This was ostensibly because they could not guarantee the security of the memorials, Edwards writes, but also because the “proliferation of sites of mourning did not serve the state’s penchant for the ‘channelling of remembrance’” and the dynamics of state-led commemoration which sees army deaths commemorated on collective monuments regardless of time or place.
An interesting parallel is drawn by McBride, who charts the “political and demographic retreat of unionism” west of the Bann through its lack of ownership of public spaces, and gives the example of Derry’s Guildhall Square, “once the preserve of the city’s unionist establishment, [which] provided the stage for the dramatic broadcast of David Cameron’s apology to the Bloody Sunday families”.
As a journalist who was present on that day, I would add that many of the thousands watching were fully aware of that significance and of the inherent symbolism of the family members emerging from the Guildhall itself – the former seat of the unionist-dominated Londonderry Corporation – to proclaim their loved ones’ innocence.
Indeed, it is the fluid nature of memory – coloured by personal experiences and interpretations, and reinforced or undermined by the context of contemporary politics and by the rituals of commemoration that mark Northern Ireland’s calendar – which poses the greatest challenge to the historian.
McBride’s assessment of the Bloody Sunday Justice Campaign – that it demonstrates “the remarkable capacity of republicanism to reinvent itself, successfully internationalising the elaborate rituals that grew up around the annual commemoration of the 14 unarmed protesters killed by soldiers of the Parachute Regiment on 30 January 1972” – would be strongly refuted by the campaign, which consciously avoided affiliation with any political grouping and once successfully sued a newspaper which claimed otherwise.
If anything, this illustrates the difficulties inherent in any study of memory – that, as Smyth puts it, “what some people believed, or believe, to be the case, no matter how in- accurate they were or may be, are ‘facts’ in their own right, and facts which call for analysis”.
James W McAuley, in his article on loyalism, quotes Homi Bhabha that remembering often involves “a putting together of the dismembered past to make sense of the trauma of the present”.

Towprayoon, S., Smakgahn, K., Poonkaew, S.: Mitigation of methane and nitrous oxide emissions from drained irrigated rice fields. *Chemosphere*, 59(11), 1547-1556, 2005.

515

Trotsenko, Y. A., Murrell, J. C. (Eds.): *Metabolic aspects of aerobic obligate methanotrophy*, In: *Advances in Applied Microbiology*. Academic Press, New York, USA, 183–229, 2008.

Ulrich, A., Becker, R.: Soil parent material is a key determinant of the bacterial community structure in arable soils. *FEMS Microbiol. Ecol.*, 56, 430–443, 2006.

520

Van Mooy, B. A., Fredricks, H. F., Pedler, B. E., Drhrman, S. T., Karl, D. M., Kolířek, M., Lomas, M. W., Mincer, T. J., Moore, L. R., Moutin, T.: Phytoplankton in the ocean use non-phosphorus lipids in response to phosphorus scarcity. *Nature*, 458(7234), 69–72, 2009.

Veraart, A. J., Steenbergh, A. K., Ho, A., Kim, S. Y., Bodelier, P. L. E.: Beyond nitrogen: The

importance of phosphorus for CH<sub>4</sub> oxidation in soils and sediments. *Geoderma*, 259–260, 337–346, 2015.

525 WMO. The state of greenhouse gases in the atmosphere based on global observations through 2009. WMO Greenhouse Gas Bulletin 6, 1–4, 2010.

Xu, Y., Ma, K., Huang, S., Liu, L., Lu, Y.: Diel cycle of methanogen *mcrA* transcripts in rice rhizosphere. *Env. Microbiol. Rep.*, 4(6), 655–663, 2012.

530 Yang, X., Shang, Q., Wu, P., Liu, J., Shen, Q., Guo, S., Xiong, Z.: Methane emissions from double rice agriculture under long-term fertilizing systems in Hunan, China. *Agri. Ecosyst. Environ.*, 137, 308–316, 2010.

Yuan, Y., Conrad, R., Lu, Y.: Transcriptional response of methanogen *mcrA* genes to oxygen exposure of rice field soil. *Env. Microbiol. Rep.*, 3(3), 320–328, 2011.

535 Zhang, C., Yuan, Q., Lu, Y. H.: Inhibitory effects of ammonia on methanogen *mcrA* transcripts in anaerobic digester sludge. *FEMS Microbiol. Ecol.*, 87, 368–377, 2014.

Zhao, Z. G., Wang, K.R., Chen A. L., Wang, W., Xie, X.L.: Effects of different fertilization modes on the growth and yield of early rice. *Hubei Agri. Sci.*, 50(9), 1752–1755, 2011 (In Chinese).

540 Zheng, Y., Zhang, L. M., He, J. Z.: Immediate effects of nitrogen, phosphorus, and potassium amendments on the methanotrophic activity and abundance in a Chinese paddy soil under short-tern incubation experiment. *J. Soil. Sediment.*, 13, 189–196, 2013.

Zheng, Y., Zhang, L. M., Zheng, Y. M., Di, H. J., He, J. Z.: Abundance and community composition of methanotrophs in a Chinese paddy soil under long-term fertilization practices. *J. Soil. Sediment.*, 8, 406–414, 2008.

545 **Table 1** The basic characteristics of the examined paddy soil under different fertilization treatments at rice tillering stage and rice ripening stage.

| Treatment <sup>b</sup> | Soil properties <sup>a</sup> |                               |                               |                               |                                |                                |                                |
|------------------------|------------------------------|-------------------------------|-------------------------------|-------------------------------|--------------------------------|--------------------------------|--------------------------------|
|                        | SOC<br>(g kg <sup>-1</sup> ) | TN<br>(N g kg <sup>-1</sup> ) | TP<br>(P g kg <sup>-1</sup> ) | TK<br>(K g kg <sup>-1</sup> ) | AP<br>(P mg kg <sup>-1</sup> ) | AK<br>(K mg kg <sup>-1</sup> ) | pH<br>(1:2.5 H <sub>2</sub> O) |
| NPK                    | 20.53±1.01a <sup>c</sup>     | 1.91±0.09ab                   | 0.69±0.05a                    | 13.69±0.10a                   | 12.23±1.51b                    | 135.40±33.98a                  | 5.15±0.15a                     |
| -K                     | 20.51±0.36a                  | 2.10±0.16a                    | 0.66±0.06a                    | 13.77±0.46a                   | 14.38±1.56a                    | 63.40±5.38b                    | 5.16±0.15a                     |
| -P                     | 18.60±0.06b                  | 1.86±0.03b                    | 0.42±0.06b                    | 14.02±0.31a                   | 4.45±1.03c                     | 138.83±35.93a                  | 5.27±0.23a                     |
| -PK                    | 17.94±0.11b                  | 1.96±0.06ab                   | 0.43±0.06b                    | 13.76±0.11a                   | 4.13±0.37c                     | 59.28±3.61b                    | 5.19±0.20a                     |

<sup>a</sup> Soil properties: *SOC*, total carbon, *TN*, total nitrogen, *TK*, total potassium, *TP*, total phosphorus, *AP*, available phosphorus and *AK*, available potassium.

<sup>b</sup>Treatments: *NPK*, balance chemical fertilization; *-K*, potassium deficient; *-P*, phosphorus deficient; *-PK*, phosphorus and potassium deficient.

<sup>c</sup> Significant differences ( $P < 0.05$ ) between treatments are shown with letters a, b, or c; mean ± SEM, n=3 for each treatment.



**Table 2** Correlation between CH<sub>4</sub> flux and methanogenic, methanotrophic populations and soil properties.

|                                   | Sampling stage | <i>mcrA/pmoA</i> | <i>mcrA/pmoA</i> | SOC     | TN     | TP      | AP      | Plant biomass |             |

The final essay in this collection is a personal one, an account by Belfast-born Cathal Goan of his father’s experience of being forced to drive a bomb into the city centre in his bread van. It’s based on a statement written by his father which had lain, forgotten, in a bank vault in Co Donegal until after his death in 2001.
The reflection it provoked in Goan – that Taken from Rising Late by Derek Mahon (Gallery Press, 2017) it was “such a vicious and vengeful time” – is surely a useful antidote to the sanitisation of the past that is continually being wrought by both “official” acts of commemoration, and by time itself.
In that context, Remembering the Troubles serves as a valuable contribution to the act of “remembering the Troubles openly”.
Freya McClements is a writer and journalist based in Derry Arc lamps so bright tonight the thrushes sing as though at daybreak or the start of spring thinking it’s sunrise, and in fun or fright pursue their thing at dead of night in light of or in spite of it –
a pop group piping in the branches, one clear blackbird noticeable above the din, not like McCartney’s learning how to fly with broken wing and sunken eye, but loud in its anxiety.
He’d rather be presaging lousy weather - a downpour or a storm, one or the other; but the blaze gets him going, the gold beak wide open with a frightened shriek in a far corner of the park.
Not for the lying light and not for us he sings, distinctive in the midnight chorus, but for the living shadows whited out, his fierce song an indignant shout in the bright piercing dead of light.
Fitzwilliam Square Family
Maria Lynskey, who’s uncle Joe Lynskey disappeared in 1972, at one of the areas where he could have been buried, in Oristown, Co Meath. PHOTOGRAPHER: DARA Mac DÓNAILL